However, despite its often fun conversations and excellent character interactions, once it hits its stride, Steins;Gate is not a happy story. Rather it is often a torturous one. While Okabe's goal -- to avert a distopia and save the life of his closest friend -- is noble, the sacrifices he must make along the way are soul shattering. Sometimes, he must put himself through emotional torture -- like as he watches his friend get killed over and over again in countless horrible ways. Other times, he must steal the happiness from those he cares about most -- destroying their dreams for the sake of his own, not to mention the world's.
This is the reason for the game's several drastically different endings. How many horrible things can you do to the characters you have come to care about over the course of the game before you just have to say enough is enough?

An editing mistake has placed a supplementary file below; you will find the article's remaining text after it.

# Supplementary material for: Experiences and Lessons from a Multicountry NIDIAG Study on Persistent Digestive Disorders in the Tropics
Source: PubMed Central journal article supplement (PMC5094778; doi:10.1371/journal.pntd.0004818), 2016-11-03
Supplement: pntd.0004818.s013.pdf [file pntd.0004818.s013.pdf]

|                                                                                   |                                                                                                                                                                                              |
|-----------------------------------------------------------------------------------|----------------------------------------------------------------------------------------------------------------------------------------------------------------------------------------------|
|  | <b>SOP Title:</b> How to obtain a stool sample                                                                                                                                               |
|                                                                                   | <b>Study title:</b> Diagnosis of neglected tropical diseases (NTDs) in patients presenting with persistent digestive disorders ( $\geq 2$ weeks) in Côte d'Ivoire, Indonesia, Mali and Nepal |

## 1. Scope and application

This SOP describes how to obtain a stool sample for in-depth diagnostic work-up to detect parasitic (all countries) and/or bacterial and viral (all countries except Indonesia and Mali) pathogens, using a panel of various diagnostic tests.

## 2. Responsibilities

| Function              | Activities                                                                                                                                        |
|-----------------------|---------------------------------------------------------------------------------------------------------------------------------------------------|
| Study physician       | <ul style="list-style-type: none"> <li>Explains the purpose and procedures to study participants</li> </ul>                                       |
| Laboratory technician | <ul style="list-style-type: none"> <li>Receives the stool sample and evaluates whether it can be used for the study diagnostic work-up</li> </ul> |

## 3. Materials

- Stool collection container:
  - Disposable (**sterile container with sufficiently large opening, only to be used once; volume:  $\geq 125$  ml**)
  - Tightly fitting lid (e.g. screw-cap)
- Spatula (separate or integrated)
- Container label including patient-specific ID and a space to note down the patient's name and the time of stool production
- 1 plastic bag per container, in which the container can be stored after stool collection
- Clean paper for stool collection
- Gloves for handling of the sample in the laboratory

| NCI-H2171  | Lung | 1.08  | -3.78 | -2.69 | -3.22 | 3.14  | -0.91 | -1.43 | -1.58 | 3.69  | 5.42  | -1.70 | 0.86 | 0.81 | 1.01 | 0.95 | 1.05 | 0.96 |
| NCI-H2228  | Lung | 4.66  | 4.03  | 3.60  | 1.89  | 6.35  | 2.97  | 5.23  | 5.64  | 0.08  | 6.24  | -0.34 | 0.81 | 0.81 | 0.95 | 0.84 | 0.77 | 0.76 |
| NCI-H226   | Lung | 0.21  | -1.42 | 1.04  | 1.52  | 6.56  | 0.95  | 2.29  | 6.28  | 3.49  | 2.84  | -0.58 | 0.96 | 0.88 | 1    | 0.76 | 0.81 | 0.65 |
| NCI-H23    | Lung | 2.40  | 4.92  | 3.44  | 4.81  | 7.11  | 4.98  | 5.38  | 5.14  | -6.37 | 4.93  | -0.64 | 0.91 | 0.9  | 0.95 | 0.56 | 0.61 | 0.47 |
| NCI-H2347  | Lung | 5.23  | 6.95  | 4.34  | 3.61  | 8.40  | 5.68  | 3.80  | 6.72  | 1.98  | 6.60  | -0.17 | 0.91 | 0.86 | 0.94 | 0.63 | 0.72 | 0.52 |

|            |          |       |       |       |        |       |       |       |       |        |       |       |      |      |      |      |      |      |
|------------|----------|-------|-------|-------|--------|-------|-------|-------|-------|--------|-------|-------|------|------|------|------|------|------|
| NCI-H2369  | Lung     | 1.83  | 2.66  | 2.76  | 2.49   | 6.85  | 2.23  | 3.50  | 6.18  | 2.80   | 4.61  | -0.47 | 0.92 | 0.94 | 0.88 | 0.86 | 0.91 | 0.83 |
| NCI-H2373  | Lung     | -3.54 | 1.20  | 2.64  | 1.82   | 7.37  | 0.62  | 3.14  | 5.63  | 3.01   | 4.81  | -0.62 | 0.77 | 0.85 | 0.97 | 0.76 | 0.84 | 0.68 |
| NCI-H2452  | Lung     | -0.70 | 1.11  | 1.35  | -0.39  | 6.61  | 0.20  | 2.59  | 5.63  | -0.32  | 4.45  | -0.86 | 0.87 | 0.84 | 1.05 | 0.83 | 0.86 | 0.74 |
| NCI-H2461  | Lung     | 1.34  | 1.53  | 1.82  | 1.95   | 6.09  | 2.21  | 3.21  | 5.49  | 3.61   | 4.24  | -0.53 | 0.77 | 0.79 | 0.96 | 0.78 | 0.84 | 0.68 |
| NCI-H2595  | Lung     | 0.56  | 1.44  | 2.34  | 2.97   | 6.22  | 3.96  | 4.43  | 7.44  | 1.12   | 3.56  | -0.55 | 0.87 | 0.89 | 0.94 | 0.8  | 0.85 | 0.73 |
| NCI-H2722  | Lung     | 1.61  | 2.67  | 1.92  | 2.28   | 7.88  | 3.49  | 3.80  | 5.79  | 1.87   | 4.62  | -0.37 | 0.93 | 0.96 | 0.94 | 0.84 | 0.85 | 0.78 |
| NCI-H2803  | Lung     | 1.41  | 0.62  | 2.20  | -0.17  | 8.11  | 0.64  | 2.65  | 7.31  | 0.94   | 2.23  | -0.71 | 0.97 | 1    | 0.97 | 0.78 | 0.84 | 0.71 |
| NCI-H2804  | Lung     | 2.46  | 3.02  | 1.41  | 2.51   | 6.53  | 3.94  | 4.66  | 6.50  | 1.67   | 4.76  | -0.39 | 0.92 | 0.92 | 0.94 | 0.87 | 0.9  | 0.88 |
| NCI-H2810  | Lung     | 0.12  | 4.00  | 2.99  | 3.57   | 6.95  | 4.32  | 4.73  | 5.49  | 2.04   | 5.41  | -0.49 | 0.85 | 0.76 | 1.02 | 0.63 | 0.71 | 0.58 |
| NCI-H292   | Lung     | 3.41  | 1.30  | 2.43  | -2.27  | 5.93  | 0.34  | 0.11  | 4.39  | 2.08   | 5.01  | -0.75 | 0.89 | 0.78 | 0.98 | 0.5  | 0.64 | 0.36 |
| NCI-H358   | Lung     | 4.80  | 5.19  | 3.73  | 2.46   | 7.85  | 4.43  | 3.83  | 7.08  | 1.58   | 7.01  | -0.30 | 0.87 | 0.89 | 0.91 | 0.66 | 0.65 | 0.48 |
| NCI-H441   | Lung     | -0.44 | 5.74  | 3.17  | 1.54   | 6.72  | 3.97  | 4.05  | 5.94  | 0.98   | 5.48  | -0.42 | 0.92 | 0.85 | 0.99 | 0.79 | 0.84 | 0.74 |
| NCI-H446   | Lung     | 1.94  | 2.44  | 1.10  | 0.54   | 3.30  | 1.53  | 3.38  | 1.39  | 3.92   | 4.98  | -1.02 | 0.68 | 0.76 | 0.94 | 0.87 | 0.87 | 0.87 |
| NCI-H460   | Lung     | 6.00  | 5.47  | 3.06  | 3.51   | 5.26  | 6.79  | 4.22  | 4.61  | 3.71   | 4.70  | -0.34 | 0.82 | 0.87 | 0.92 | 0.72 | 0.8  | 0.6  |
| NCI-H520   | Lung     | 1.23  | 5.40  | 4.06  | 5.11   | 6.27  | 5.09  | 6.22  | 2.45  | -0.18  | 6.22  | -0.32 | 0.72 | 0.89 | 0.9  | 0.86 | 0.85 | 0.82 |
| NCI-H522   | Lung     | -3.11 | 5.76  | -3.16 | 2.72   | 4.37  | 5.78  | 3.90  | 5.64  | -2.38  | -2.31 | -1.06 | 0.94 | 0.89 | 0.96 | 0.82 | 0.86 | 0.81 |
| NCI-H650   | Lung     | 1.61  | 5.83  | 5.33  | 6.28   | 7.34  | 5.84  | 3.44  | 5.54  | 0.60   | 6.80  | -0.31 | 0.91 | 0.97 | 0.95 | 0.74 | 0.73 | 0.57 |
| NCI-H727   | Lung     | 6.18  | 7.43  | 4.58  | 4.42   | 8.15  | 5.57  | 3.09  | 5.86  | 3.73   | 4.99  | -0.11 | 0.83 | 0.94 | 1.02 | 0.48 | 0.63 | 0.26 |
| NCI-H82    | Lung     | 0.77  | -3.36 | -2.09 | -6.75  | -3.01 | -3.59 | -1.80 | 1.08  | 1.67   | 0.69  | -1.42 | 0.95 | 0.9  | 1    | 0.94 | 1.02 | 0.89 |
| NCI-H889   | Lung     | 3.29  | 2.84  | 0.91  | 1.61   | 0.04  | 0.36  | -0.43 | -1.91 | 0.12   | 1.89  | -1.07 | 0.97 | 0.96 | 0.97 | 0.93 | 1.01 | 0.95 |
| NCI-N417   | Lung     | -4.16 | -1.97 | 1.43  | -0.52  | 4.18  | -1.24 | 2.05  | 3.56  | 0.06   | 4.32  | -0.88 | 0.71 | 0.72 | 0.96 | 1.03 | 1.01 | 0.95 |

While the anime and game's plot are largely identical (with the game being a more detailed telling), there is one major difference: hearing Okabe's thoughts. In the anime, we are left with only Okabe's outward reactions -- which are often so strange as to seem schizophrenic.
In the game, on the other hand, we are able to see his self-awareness develop as the situation grows worse and worse. Basically we see him grow and develop as a person through his experiences. Of course, the ability to see the thoughts inside his head also makes every choice he is forced to make all the more torturous as we can see the agony he is struggling to hold inside.
The entirety of the gameplay in Steins;Gate is based around Okabe's cell phone. Throughout the visual novel, there are points in the game where you have the option to time travel -- activating one of the time machines by using your phone. Sometimes, these choices do little more than add another scene. Other times, they change the game's entire ending.